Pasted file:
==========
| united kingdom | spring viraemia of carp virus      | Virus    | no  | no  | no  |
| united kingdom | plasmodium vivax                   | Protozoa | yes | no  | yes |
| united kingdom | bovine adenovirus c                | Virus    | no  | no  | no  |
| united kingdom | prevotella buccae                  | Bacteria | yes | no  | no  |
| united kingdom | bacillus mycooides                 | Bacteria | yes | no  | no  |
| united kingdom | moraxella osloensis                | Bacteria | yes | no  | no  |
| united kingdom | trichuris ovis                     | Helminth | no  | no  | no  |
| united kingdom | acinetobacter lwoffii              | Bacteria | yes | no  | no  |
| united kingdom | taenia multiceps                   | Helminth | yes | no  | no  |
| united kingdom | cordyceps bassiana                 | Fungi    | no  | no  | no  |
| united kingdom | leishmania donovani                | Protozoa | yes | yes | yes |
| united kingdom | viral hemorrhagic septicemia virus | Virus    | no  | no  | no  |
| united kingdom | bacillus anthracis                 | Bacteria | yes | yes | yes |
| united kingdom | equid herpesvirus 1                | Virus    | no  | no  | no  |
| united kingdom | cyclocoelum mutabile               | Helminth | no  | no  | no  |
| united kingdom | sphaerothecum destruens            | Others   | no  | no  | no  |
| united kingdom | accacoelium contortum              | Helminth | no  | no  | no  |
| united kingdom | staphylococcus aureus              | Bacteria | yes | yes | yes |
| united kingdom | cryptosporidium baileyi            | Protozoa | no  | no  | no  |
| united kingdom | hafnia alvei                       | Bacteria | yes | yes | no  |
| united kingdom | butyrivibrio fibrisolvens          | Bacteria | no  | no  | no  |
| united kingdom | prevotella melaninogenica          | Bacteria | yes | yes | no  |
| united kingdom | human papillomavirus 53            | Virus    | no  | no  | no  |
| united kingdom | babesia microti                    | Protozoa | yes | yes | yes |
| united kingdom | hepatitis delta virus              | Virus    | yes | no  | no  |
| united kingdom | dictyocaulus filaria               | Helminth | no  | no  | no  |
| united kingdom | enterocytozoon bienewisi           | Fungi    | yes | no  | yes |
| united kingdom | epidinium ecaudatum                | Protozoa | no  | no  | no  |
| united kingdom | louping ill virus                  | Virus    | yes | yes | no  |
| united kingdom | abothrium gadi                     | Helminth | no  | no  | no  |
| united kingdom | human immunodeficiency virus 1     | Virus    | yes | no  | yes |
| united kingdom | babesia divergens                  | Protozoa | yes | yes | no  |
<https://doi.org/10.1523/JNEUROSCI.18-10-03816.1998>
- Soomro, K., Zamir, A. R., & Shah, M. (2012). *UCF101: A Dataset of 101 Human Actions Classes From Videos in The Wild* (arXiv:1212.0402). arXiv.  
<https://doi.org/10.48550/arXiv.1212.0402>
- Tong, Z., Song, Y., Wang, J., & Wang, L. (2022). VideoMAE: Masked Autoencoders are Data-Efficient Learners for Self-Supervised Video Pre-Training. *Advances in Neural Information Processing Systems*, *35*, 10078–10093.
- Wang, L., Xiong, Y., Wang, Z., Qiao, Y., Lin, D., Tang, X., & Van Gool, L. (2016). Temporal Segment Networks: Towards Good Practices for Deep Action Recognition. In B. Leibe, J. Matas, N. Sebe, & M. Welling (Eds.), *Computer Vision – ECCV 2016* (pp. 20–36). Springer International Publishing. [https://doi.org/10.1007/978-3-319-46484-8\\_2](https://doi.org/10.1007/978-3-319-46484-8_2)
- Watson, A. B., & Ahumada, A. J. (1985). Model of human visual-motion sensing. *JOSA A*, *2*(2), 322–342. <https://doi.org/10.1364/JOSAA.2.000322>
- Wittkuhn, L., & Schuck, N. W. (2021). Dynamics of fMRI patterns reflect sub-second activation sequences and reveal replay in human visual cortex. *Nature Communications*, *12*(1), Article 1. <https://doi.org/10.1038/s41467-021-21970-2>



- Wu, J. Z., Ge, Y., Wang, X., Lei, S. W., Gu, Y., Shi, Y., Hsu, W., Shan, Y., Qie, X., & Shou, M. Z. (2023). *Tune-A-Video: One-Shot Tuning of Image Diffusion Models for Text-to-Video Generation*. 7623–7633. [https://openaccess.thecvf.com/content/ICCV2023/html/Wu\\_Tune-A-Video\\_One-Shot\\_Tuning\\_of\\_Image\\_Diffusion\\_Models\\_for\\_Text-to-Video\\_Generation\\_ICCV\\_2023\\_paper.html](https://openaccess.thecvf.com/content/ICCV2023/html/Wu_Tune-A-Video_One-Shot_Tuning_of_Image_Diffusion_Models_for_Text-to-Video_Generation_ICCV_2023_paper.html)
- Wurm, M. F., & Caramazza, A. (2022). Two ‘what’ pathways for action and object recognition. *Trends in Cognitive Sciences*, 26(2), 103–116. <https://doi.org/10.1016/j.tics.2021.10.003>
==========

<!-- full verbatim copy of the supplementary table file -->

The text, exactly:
| united kingdom | spring viraemia of carp virus      | Virus    | no  | no  | no  |
| united kingdom | plasmodium vivax                   | Protozoa | yes | no  | yes |
| united kingdom | bovine adenovirus c                | Virus    | no  | no  | no  |
| united kingdom | prevotella buccae                  | Bacteria | yes | no  | no  |
| united kingdom | bacillus mycooides                 | Bacteria | yes | no  | no  |
| united kingdom | moraxella osloensis                | Bacteria | yes | no  | no  |
| united kingdom | trichuris ovis                     | Helminth | no  | no  | no  |
| united kingdom | acinetobacter lwoffii              | Bacteria | yes | no  | no  |
| united kingdom | taenia multiceps                   | Helminth | yes | no  | no  |
| united kingdom | cordyceps bassiana                 | Fungi    | no  | no  | no  |
| united kingdom | leishmania donovani                | Protozoa | yes | yes | yes |
| united kingdom | viral hemorrhagic septicemia virus | Virus    | no  | no  | no  |
| united kingdom | bacillus anthracis                 | Bacteria | yes | yes | yes |
| united kingdom | equid herpesvirus 1                | Virus    | no  | no  | no  |
| united kingdom | cyclocoelum mutabile               | Helminth | no  | no  | no  |
| united kingdom | sphaerothecum destruens            | Others   | no  | no  | no  |
| united kingdom | accacoelium contortum              | Helminth | no  | no  | no  |
| united kingdom | staphylococcus aureus              | Bacteria | yes | yes | yes |
| united kingdom | cryptosporidium baileyi            | Protozoa | no  | no  | no  |
| united kingdom | hafnia alvei                       | Bacteria | yes | yes | no  |
| united kingdom | butyrivibrio fibrisolvens          | Bacteria | no  | no  | no  |
| united kingdom | prevotella melaninogenica          | Bacteria | yes | yes | no  |
| united kingdom | human papillomavirus 53            | Virus    | no  | no  | no  |
| united kingdom | babesia microti                    | Protozoa | yes | yes | yes |
| united kingdom | hepatitis delta virus              | Virus    | yes | no  | no  |
| united kingdom | dictyocaulus filaria               | Helminth | no  | no  | no  |
| united kingdom | enterocytozoon bienewisi           | Fungi    | yes | no  | yes |
| united kingdom | epidinium ecaudatum                | Protozoa | no  | no  | no  |
| united kingdom | louping ill virus                  | Virus    | yes | yes | no  |
| united kingdom | abothrium gadi                     | Helminth | no  | no  | no  |
| united kingdom | human immunodeficiency virus 1     | Virus    | yes | no  | yes |
| united kingdom | babesia divergens                  | Protozoa | yes | yes | no  |
<https://doi.org/10.1523/JNEUROSCI.18-10-03816.1998>
- Soomro, K., Zamir, A. R., & Shah, M. (2012). *UCF101: A Dataset of 101 Human Actions Classes From Videos in The Wild* (arXiv:1212.0402). arXiv.  
<https://doi.org/10.48550/arXiv.1212.0402>
- Tong, Z., Song, Y., Wang, J., & Wang, L. (2022). VideoMAE: Masked Autoencoders are Data-Efficient Learners for Self-Supervised Video Pre-Training. *Advances in Neural Information Processing Systems*, *35*, 10078–10093.
- Wang, L., Xiong, Y., Wang, Z., Qiao, Y., Lin, D., Tang, X., & Van Gool, L. (2016). Temporal Segment Networks: Towards Good Practices for Deep Action Recognition. In B. Leibe, J. Matas, N. Sebe, & M. Welling (Eds.), *Computer Vision – ECCV 2016* (pp. 20–36). Springer International Publishing. [https://doi.org/10.1007/978-3-319-46484-8\\_2](https://doi.org/10.1007/978-3-319-46484-8_2)
- Watson, A. B., & Ahumada, A. J. (1985). Model of human visual-motion sensing. *JOSA A*, *2*(2), 322–342. <https://doi.org/10.1364/JOSAA.2.000322>
- Wittkuhn, L., & Schuck, N. W. (2021). Dynamics of fMRI patterns reflect sub-second activation sequences and reveal replay in human visual cortex. *Nature Communications*, *12*(1), Article 1. <https://doi.org/10.1038/s41467-021-21970-2>



- Wu, J. Z., Ge, Y., Wang, X., Lei, S. W., Gu, Y., Shi, Y., Hsu, W., Shan, Y., Qie, X., & Shou, M. Z. (2023). *Tune-A-Video: One-Shot Tuning of Image Diffusion Models for Text-to-Video Generation*. 7623–7633. [https://openaccess.thecvf.com/content/ICCV2023/html/Wu\\_Tune-A-Video\\_One-Shot\\_Tuning\\_of\\_Image\\_Diffusion\\_Models\\_for\\_Text-to-Video\\_Generation\\_ICCV\\_2023\\_paper.html](https://openaccess.thecvf.com/content/ICCV2023/html/Wu_Tune-A-Video_One-Shot_Tuning_of_Image_Diffusion_Models_for_Text-to-Video_Generation_ICCV_2023_paper.html)
- Wurm, M. F., & Caramazza, A. (2022). Two ‘what’ pathways for action and object recognition. *Trends in Cognitive Sciences*, 26(2), 103–116. <https://doi.org/10.1016/j.tics.2021.10.003>